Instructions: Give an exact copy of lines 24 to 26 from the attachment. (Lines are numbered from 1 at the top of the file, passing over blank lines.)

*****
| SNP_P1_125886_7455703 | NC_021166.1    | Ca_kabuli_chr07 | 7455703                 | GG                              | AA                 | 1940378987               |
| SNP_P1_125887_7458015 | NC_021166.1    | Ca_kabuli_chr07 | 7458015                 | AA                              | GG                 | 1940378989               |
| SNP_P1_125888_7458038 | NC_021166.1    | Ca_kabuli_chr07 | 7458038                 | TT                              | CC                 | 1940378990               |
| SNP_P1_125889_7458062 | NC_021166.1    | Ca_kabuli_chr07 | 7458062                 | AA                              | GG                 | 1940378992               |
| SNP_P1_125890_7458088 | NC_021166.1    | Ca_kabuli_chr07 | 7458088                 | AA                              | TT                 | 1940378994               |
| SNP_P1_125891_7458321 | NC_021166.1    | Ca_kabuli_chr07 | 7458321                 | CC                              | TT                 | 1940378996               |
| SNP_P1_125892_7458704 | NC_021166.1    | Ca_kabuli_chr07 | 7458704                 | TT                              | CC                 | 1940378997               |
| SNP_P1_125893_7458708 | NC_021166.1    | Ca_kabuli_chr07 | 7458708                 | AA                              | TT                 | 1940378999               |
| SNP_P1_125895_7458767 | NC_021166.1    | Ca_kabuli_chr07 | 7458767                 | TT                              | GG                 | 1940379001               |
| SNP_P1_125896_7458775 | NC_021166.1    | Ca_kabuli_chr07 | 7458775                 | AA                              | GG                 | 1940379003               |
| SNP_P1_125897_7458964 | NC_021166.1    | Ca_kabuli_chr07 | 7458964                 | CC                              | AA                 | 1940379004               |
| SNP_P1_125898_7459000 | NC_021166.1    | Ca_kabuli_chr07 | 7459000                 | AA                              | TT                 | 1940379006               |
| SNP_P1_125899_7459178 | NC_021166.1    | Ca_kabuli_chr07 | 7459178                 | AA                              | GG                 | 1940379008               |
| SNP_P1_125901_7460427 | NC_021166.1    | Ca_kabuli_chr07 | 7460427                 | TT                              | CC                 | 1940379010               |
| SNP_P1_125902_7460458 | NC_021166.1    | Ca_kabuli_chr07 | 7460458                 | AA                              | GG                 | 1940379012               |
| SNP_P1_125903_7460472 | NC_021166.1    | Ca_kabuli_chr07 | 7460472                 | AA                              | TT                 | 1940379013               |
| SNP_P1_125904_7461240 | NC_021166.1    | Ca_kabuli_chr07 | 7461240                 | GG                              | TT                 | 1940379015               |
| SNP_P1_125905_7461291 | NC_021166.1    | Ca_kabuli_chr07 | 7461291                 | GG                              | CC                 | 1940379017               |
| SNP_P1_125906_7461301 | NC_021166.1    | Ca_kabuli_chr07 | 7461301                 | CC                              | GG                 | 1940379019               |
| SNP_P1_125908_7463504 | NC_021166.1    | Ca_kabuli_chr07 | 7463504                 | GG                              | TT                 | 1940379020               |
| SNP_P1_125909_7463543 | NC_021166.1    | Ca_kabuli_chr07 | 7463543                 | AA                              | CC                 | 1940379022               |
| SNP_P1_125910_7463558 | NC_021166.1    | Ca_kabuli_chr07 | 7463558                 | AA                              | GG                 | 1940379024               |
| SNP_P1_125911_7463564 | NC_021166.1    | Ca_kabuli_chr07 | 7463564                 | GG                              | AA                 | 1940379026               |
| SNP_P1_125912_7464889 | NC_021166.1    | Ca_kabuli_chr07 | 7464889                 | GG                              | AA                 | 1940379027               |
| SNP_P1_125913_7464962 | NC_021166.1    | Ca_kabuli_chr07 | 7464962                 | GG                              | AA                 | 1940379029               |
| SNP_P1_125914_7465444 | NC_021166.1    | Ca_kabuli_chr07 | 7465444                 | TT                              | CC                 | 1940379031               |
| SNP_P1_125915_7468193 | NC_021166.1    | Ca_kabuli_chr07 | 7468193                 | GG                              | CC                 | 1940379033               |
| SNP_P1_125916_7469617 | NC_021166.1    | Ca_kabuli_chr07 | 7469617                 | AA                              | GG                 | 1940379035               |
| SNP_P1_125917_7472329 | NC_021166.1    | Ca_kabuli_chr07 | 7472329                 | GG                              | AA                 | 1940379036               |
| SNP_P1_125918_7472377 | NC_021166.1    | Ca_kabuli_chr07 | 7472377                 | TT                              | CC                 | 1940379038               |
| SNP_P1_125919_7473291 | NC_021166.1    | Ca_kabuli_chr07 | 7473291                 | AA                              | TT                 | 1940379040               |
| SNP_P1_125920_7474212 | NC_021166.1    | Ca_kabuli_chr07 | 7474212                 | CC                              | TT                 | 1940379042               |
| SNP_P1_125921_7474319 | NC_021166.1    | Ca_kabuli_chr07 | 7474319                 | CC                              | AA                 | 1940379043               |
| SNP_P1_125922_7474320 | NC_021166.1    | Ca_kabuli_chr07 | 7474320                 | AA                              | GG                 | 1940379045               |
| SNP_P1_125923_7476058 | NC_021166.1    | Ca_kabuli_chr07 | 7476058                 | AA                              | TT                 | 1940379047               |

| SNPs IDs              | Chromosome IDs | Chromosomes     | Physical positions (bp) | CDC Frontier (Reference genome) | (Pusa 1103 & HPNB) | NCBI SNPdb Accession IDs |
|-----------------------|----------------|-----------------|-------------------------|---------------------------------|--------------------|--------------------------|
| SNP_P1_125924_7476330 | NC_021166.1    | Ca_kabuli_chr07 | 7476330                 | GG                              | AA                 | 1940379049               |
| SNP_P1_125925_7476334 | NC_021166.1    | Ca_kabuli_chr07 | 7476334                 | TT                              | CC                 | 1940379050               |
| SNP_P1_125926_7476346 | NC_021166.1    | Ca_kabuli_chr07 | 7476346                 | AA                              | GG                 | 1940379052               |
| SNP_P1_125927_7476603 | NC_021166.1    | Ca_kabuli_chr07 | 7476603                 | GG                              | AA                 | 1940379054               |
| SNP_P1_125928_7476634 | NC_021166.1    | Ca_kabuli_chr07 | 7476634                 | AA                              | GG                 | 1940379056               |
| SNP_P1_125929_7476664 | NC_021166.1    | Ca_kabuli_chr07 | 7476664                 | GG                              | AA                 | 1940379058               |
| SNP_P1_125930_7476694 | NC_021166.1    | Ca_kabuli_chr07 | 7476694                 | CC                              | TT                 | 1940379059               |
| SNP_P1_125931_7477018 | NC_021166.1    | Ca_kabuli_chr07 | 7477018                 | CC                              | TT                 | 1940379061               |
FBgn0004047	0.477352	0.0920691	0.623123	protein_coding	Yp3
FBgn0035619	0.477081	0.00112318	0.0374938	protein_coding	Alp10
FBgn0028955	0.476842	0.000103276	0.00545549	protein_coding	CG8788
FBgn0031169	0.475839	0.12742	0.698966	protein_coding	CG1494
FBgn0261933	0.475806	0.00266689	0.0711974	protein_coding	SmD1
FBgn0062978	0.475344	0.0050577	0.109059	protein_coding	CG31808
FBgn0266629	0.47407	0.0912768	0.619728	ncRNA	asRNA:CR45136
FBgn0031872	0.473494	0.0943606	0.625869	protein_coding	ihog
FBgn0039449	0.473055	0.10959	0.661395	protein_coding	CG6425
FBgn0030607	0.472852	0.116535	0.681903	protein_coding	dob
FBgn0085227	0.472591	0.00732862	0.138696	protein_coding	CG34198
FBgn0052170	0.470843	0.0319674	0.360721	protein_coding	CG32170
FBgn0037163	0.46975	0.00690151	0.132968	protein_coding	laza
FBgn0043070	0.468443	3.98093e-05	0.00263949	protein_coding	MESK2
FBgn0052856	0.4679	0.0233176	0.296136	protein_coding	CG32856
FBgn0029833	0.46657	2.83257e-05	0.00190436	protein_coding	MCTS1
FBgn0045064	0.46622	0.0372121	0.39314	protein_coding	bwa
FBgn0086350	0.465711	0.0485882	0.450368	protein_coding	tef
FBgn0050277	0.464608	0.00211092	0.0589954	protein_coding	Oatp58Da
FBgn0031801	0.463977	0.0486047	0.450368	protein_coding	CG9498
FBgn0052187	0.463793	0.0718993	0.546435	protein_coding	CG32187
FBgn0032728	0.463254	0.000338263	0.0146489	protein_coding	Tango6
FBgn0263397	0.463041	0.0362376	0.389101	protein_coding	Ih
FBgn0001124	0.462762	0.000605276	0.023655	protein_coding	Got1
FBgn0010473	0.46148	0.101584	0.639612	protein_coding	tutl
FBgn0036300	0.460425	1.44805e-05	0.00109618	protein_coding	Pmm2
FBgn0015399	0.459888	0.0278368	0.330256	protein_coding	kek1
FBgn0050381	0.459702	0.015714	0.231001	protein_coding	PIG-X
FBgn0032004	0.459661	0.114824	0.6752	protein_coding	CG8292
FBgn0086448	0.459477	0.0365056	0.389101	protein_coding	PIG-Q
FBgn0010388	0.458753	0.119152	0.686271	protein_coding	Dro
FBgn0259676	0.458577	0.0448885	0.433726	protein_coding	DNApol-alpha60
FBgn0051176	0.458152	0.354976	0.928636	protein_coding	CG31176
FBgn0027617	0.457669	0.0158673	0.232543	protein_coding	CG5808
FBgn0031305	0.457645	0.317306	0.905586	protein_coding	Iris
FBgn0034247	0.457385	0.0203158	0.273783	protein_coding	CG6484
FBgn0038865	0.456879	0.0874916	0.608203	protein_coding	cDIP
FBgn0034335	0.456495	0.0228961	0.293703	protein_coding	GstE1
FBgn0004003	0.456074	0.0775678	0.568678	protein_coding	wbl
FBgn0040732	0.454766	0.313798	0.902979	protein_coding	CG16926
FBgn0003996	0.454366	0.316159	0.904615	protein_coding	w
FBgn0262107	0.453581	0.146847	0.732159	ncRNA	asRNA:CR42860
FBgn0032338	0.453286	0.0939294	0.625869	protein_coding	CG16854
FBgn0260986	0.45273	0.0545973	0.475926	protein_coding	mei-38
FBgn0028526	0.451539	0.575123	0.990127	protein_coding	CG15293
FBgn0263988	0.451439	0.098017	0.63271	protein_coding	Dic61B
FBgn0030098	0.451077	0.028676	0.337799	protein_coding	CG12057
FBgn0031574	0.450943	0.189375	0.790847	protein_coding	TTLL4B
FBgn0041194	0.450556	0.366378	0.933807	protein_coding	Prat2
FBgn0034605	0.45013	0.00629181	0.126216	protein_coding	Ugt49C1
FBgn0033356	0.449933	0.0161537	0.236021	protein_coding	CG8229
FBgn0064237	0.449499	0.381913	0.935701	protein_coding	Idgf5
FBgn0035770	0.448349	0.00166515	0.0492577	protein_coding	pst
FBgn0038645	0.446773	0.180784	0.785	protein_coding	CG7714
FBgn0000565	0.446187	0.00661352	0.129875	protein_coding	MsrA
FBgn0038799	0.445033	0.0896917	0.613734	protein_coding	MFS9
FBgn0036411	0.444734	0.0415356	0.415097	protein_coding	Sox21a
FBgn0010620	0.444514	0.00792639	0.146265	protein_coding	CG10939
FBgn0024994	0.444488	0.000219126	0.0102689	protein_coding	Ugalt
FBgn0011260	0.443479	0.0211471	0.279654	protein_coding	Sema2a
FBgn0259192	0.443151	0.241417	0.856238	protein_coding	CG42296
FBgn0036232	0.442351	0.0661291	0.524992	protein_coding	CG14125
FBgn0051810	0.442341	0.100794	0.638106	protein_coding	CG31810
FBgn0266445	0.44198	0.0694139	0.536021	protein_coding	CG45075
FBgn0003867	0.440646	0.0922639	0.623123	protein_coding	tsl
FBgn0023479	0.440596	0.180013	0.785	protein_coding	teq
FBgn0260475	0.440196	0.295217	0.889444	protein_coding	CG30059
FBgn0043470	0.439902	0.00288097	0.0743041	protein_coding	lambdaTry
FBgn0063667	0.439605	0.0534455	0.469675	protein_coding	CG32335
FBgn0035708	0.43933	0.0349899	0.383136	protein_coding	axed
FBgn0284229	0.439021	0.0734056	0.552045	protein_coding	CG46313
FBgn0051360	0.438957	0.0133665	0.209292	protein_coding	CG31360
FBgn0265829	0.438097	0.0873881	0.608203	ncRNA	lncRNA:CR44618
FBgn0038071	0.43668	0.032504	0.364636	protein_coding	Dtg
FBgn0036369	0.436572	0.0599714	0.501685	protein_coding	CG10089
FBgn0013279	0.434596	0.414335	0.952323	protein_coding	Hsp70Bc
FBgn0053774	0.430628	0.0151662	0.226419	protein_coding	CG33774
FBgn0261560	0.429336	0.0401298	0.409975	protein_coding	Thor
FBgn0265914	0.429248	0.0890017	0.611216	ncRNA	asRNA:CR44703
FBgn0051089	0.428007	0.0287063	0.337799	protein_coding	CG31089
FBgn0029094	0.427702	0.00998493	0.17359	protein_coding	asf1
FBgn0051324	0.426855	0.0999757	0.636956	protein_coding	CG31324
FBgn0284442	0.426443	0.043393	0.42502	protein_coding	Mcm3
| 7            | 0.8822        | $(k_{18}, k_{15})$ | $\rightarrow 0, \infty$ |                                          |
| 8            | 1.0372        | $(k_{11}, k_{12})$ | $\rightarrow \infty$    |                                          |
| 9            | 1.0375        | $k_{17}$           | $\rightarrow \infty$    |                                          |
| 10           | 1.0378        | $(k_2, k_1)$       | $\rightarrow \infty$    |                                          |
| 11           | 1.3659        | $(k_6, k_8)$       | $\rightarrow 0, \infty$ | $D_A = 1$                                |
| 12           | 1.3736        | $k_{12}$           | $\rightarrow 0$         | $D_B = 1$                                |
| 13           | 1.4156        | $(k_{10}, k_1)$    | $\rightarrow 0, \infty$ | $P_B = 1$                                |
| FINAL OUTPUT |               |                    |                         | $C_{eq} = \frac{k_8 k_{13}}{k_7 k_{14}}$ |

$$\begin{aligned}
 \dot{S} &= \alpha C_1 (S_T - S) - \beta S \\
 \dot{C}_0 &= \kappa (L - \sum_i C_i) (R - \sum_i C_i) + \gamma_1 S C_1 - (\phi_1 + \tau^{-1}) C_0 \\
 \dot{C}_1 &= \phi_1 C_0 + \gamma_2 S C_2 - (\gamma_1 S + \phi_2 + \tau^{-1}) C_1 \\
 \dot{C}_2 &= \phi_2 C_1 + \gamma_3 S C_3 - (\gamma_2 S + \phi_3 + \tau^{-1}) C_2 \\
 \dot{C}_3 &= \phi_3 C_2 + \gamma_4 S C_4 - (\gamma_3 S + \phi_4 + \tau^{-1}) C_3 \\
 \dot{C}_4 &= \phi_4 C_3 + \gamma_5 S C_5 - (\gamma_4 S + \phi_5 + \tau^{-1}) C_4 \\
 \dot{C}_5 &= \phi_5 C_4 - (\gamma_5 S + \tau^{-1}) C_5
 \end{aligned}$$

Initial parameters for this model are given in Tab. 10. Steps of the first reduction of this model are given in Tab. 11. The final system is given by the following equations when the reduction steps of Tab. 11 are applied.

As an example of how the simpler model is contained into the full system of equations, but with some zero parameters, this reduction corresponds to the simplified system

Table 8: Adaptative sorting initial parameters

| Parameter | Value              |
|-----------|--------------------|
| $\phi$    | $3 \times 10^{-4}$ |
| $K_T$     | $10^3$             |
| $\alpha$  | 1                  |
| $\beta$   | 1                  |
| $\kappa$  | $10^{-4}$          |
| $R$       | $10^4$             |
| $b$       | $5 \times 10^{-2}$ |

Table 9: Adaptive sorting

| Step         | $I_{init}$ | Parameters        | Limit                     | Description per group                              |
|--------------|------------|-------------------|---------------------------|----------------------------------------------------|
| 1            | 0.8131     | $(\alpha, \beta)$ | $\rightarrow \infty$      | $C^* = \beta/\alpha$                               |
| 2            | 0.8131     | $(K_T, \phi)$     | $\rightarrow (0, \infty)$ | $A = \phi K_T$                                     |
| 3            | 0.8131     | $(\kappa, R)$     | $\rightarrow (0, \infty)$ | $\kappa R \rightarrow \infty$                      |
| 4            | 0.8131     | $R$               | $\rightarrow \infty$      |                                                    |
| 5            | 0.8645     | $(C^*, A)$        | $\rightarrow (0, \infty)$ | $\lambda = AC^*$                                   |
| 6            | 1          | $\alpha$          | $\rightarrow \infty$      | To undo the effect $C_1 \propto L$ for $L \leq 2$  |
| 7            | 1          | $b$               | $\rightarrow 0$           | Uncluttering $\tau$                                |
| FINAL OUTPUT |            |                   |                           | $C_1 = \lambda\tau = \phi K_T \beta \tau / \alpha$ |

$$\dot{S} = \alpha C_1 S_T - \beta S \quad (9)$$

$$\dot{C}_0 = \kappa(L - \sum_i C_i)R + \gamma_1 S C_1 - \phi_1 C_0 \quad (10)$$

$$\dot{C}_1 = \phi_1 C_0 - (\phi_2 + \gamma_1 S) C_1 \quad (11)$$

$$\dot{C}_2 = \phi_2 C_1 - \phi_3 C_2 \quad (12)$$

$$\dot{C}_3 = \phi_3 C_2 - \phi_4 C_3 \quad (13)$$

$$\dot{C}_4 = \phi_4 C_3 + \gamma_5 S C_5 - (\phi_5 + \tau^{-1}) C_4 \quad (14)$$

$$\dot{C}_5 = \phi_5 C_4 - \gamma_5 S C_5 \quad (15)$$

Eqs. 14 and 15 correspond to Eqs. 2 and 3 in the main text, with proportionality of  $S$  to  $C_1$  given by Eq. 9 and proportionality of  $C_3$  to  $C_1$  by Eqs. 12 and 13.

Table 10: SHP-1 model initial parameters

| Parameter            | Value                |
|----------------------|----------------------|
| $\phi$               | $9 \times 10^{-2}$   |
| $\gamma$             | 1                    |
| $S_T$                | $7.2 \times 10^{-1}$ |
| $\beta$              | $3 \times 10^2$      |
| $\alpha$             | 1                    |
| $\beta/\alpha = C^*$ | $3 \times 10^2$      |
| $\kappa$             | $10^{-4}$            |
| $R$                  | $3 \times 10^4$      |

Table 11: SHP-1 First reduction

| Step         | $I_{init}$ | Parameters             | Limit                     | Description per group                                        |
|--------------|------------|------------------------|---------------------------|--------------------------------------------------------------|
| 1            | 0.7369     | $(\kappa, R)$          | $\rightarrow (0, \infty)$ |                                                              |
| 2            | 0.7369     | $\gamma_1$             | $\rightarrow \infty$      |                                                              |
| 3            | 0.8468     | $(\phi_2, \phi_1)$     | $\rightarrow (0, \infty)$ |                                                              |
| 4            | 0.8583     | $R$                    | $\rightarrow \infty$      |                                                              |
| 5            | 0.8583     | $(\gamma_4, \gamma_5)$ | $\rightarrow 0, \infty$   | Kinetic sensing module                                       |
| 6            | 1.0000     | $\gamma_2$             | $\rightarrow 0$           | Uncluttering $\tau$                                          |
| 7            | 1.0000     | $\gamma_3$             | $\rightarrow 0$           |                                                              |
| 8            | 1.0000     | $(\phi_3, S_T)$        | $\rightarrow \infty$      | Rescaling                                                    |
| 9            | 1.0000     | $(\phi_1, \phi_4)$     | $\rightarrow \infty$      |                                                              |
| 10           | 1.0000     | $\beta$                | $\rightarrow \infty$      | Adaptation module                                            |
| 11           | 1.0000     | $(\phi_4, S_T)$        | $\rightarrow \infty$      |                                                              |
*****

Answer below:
| SNP_P1_125912_7464889 | NC_021166.1    | Ca_kabuli_chr07 | 7464889                 | GG                              | AA                 | 1940379027               |
| SNP_P1_125913_7464962 | NC_021166.1    | Ca_kabuli_chr07 | 7464962                 | GG                              | AA                 | 1940379029               |
| SNP_P1_125914_7465444 | NC_021166.1    | Ca_kabuli_chr07 | 7465444                 | TT                              | CC                 | 1940379031               |